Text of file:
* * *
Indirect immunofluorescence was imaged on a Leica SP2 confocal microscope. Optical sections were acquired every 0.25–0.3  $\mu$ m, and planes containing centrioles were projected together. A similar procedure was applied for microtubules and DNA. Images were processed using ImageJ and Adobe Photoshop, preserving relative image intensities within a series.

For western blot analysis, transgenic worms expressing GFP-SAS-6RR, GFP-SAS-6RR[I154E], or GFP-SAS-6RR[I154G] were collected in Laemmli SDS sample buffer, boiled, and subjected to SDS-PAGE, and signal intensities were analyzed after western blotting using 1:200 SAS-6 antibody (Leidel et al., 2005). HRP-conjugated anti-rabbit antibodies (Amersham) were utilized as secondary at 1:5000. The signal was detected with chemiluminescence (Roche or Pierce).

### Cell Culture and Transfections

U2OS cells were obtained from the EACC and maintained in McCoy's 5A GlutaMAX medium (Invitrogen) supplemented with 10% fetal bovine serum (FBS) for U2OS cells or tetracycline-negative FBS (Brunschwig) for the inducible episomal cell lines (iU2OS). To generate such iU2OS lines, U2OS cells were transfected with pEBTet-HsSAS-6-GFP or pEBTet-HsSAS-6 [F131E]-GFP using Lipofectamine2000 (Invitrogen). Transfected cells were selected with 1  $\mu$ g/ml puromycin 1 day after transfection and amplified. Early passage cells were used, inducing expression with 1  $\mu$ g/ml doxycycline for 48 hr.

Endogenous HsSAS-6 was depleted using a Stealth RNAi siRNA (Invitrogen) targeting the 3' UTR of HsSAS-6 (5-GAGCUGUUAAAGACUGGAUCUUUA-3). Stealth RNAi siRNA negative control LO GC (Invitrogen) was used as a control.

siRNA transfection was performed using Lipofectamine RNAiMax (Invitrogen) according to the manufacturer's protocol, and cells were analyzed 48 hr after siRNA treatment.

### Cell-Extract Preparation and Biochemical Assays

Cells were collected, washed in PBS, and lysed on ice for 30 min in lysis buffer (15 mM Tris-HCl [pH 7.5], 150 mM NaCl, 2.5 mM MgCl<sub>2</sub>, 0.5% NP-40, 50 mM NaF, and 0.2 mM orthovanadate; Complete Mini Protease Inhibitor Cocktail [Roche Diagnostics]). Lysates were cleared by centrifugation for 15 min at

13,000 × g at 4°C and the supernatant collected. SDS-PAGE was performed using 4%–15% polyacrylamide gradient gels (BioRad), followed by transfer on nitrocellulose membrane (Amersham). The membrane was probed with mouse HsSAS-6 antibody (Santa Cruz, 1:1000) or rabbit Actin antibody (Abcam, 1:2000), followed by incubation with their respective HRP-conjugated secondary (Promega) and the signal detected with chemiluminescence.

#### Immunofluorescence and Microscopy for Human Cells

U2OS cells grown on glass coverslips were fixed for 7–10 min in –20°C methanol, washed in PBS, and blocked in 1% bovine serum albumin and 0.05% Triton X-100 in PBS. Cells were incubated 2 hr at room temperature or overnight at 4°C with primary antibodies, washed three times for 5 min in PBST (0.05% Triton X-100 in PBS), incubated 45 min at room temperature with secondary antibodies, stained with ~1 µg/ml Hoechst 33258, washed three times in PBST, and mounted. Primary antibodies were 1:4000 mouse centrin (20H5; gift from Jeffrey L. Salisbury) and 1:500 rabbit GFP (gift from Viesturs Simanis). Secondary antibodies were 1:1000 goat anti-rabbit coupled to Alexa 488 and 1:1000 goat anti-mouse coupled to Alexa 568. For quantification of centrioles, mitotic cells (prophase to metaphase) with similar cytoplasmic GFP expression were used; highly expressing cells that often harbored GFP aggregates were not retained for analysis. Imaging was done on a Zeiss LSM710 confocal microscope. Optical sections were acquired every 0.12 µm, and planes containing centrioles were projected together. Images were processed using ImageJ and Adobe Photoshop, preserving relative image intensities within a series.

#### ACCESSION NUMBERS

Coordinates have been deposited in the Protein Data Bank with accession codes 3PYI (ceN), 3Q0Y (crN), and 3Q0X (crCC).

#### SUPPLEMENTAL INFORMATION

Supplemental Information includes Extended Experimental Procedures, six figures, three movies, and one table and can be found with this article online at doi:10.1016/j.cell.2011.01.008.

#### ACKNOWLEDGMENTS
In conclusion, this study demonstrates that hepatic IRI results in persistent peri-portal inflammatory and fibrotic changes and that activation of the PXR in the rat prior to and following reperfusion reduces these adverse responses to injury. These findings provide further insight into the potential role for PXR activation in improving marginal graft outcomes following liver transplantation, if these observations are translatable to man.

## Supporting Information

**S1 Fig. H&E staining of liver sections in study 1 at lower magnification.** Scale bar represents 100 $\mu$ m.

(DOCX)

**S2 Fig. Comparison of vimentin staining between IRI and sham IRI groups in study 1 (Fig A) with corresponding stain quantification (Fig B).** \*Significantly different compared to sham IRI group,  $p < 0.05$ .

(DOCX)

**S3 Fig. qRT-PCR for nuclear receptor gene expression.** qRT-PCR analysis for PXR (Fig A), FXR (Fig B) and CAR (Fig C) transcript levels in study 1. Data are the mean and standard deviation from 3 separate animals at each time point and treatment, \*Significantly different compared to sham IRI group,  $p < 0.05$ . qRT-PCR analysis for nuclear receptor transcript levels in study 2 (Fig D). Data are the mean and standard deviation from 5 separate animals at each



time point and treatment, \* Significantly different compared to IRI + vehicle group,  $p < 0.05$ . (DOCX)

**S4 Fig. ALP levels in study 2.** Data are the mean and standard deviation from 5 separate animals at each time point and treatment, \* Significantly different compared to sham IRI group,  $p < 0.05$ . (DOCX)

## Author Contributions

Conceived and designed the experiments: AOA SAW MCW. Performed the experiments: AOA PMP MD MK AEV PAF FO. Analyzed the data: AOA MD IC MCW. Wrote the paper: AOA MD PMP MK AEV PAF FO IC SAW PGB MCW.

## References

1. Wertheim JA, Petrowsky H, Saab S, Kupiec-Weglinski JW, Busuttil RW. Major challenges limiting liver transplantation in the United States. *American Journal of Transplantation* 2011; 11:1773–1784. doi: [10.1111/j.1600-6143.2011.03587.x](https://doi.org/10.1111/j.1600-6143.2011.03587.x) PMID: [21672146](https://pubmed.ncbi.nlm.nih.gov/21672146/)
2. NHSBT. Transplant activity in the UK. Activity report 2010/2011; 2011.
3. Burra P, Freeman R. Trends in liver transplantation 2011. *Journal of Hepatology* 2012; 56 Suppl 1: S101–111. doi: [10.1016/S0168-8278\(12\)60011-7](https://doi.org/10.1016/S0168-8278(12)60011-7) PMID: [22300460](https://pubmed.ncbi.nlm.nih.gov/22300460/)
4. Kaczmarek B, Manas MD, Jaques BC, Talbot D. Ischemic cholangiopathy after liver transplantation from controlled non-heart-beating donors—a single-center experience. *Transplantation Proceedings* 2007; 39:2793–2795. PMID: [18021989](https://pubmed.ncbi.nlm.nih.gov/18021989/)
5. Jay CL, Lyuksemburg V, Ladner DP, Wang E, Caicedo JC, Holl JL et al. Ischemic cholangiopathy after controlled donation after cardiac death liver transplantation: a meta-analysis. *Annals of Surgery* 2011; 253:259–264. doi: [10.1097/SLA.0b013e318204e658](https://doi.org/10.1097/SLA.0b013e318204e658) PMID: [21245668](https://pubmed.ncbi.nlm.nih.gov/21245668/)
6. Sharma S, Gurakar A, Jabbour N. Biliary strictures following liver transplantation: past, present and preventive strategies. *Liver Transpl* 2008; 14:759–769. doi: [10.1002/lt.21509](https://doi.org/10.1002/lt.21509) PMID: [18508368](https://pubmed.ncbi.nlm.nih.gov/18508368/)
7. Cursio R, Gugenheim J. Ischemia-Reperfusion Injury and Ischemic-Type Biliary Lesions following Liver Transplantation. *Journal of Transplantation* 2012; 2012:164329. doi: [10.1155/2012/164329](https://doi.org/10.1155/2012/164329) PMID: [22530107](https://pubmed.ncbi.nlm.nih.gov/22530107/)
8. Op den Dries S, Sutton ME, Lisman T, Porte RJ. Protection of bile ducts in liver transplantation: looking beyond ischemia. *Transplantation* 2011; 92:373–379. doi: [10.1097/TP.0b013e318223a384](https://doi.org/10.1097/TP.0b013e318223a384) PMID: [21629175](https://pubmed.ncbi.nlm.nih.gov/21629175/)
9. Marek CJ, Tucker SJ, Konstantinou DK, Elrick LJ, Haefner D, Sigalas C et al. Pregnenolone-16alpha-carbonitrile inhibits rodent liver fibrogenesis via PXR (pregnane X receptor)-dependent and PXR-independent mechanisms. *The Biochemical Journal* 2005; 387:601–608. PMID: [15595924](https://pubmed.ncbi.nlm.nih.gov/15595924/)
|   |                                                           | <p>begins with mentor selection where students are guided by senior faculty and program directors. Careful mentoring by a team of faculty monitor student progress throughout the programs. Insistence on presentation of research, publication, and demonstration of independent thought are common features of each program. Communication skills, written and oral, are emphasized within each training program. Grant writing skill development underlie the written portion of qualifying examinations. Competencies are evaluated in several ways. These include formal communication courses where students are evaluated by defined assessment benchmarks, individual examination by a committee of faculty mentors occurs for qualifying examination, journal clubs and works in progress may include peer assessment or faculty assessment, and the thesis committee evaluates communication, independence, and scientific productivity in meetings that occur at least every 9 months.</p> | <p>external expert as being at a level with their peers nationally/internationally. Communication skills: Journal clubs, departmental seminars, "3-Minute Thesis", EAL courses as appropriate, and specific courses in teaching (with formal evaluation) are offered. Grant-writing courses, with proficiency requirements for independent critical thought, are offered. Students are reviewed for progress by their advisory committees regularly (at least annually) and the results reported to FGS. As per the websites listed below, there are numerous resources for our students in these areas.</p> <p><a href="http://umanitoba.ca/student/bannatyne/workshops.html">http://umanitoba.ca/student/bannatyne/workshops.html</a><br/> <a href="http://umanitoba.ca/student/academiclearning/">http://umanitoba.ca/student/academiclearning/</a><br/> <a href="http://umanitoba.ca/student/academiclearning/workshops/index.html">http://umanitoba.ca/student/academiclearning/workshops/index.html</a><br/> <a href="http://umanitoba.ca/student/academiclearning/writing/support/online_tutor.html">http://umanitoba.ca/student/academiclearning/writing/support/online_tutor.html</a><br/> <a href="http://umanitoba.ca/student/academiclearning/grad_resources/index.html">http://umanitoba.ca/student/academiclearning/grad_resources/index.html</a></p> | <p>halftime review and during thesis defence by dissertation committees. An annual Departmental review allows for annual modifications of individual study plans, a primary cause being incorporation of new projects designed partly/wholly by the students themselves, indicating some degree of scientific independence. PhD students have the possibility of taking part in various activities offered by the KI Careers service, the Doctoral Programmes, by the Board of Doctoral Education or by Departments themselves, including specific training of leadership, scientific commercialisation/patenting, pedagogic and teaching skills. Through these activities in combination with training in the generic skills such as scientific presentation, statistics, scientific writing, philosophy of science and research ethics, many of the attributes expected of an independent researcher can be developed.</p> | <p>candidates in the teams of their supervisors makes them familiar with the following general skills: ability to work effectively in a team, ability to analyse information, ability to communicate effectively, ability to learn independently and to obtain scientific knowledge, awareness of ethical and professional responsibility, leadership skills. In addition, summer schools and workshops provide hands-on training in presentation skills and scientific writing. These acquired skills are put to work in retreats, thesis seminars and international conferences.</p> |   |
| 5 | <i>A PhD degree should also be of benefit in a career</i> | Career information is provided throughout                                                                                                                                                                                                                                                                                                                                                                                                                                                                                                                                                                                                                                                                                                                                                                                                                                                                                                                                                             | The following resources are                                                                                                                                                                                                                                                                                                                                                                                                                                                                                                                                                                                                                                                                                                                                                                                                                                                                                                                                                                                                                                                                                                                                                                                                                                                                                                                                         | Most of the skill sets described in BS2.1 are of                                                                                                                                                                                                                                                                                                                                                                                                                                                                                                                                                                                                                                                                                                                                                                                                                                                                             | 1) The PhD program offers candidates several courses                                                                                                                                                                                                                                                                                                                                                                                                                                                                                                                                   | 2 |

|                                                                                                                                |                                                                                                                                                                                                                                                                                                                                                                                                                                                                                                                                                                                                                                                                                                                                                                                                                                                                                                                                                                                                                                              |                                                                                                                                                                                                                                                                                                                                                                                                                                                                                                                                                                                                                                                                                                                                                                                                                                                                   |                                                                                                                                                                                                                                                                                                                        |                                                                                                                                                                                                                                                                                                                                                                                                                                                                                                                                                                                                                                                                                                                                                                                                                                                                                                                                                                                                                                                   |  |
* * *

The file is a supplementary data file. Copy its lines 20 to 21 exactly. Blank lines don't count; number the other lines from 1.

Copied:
(DOCX)

**S2 Fig. Comparison of vimentin staining between IRI and sham IRI groups in study 1 (Fig A) with corresponding stain quantification (Fig B).** \*Significantly different compared to sham IRI group,  $p < 0.05$ .